Sunday, March 30, 2014

New Unionism

It’s very boring to have to repeat it, but repeat it we must: the agreement of individual workers to their pay and working conditions is virtually never truly free. Unless the circumstances are exceptional, they have to take what they are given. Corporate executives everywhere are desperate to find respectable arguments to justify their ability to pay workers whatever best suits them and their shareholders, which oddly enough is usually – admittedly not always, but usually – only just enough to allow workers and their families to keep body and soul together. Cutting workers out of decision-making about wages – deregulating the labour market and limiting workers’ ability to unionize and to take industrial action to press wage claims – has not led to increased wealth creation and the trickling down of that wealth to ordinary workers. It has simply meant productivity growth outstripping growth in real wages, which leads to excessive profits and increasing inequality.

The experience of the last 30 years has shown – as if any more evidence was really needed – that employers will not voluntarily increase their employees’ real wages to match productivity. We don’t need any more debate about whether we need collective industrial relations. Thirty years of neoliberalism has provided all the evidence we could possibly need that excluding workers from decisions about pay and conditions has seriously damaging social and economic consequences.

What we have to start talking about again is what kind of collective industrial relations we need. What kind of workers’ organizations are most effective where employment is largely informal? Is it better to try to organize bargaining at enterprise or industry level? How do we support the growth and development of democratic trade unions? Are there models of democratic workers’ organization that are different from the Euro-American standard and that are more appropriate (for example) in circumstances where workers are informally or precariously employed? What can unions in the global north learn from these organizations? What are the relative advantages and disadvantages of mandated as opposed to voluntary forms of worker representation?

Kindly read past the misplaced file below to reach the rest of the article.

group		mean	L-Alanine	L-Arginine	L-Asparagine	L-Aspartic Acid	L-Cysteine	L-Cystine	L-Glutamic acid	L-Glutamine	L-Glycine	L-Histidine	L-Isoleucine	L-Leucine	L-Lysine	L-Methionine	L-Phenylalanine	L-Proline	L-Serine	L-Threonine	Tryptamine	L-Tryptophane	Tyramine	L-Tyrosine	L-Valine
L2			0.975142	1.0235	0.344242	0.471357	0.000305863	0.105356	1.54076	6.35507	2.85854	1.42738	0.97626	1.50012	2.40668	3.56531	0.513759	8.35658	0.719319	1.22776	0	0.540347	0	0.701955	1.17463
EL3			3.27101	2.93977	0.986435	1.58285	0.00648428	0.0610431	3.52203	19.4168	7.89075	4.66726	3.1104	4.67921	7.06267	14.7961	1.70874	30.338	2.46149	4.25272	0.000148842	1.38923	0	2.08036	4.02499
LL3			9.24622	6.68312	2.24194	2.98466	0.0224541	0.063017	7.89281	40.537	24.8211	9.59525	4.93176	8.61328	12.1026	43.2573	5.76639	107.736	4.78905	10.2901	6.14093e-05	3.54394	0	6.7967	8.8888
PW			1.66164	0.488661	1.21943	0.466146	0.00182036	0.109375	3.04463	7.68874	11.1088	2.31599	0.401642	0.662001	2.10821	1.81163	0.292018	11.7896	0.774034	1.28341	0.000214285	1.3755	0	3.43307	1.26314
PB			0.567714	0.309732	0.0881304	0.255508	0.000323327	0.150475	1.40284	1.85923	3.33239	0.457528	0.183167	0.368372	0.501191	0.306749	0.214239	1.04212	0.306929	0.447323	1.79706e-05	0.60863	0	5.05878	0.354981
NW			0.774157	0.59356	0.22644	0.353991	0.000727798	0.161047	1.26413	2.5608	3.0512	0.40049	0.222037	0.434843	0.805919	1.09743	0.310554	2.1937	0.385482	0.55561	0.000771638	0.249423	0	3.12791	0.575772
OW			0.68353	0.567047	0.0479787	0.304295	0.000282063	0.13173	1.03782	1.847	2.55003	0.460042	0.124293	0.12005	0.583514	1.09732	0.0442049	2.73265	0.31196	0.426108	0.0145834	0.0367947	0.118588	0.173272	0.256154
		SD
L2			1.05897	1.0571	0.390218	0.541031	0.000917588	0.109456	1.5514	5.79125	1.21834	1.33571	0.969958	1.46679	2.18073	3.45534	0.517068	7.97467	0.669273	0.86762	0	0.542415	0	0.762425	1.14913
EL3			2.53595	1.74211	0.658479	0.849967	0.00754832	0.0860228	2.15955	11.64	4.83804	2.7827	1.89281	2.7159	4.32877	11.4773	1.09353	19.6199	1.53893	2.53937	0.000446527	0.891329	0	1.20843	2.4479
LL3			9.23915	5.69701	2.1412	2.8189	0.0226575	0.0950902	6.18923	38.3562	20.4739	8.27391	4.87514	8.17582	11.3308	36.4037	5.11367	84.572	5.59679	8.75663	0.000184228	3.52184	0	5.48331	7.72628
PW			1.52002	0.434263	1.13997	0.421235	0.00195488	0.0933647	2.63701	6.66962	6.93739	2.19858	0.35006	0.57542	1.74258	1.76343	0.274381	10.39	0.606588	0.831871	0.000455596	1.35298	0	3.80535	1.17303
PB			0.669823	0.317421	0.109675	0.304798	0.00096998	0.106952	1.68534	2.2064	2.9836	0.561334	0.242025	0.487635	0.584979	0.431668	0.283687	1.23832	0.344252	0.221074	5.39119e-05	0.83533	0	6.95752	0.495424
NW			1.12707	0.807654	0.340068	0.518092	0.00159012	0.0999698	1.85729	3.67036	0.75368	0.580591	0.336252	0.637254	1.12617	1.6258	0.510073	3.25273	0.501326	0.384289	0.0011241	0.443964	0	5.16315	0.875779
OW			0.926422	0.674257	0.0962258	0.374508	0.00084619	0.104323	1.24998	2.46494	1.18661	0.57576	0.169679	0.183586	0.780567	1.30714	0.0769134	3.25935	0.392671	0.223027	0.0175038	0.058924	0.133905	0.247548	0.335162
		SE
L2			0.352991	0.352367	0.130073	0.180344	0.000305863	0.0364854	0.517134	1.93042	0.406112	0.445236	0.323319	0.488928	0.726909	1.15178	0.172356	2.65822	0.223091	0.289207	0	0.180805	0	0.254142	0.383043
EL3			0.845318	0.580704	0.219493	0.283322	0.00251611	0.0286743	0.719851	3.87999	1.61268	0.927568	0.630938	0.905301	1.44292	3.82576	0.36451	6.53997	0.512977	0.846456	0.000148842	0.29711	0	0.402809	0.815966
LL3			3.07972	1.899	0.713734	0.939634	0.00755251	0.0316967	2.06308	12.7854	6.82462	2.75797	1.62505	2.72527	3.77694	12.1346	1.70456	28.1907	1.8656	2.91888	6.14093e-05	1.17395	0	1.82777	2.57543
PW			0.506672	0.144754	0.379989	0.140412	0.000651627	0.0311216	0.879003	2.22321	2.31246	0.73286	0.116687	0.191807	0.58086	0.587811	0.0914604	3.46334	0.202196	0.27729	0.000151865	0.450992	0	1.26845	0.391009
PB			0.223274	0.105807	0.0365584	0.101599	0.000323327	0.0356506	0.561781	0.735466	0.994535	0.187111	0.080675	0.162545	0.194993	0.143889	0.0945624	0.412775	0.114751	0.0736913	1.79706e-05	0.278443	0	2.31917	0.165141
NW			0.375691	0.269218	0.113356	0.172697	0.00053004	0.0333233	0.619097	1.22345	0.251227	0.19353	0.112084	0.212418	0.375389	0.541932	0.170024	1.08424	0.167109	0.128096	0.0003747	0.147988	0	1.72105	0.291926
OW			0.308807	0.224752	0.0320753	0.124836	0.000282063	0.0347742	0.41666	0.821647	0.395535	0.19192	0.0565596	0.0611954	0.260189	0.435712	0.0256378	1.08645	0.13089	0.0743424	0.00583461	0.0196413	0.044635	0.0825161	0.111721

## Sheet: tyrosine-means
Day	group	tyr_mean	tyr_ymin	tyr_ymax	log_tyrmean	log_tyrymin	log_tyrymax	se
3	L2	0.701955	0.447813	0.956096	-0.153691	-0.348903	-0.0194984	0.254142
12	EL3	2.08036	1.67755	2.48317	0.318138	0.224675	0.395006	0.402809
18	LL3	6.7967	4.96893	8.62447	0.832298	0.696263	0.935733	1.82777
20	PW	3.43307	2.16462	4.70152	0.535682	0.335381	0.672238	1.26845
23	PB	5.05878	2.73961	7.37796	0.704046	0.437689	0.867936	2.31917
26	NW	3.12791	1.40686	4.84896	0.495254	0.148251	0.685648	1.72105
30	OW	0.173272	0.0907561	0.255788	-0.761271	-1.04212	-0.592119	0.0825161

They need to be encouraged to take that economically and socially responsible step – and who better them than workers themselves?

Abridged and adapted from an article by New Unionism,  an approach being developed by unions who want to make change and set agendas, rather than just reacting to them. The New Unionism network brings together supporters of these principles and seeks to encourage wider involvement in the change process. The network has no formal structure, no officers, no policies or meetings. New Unionism can be reached at:

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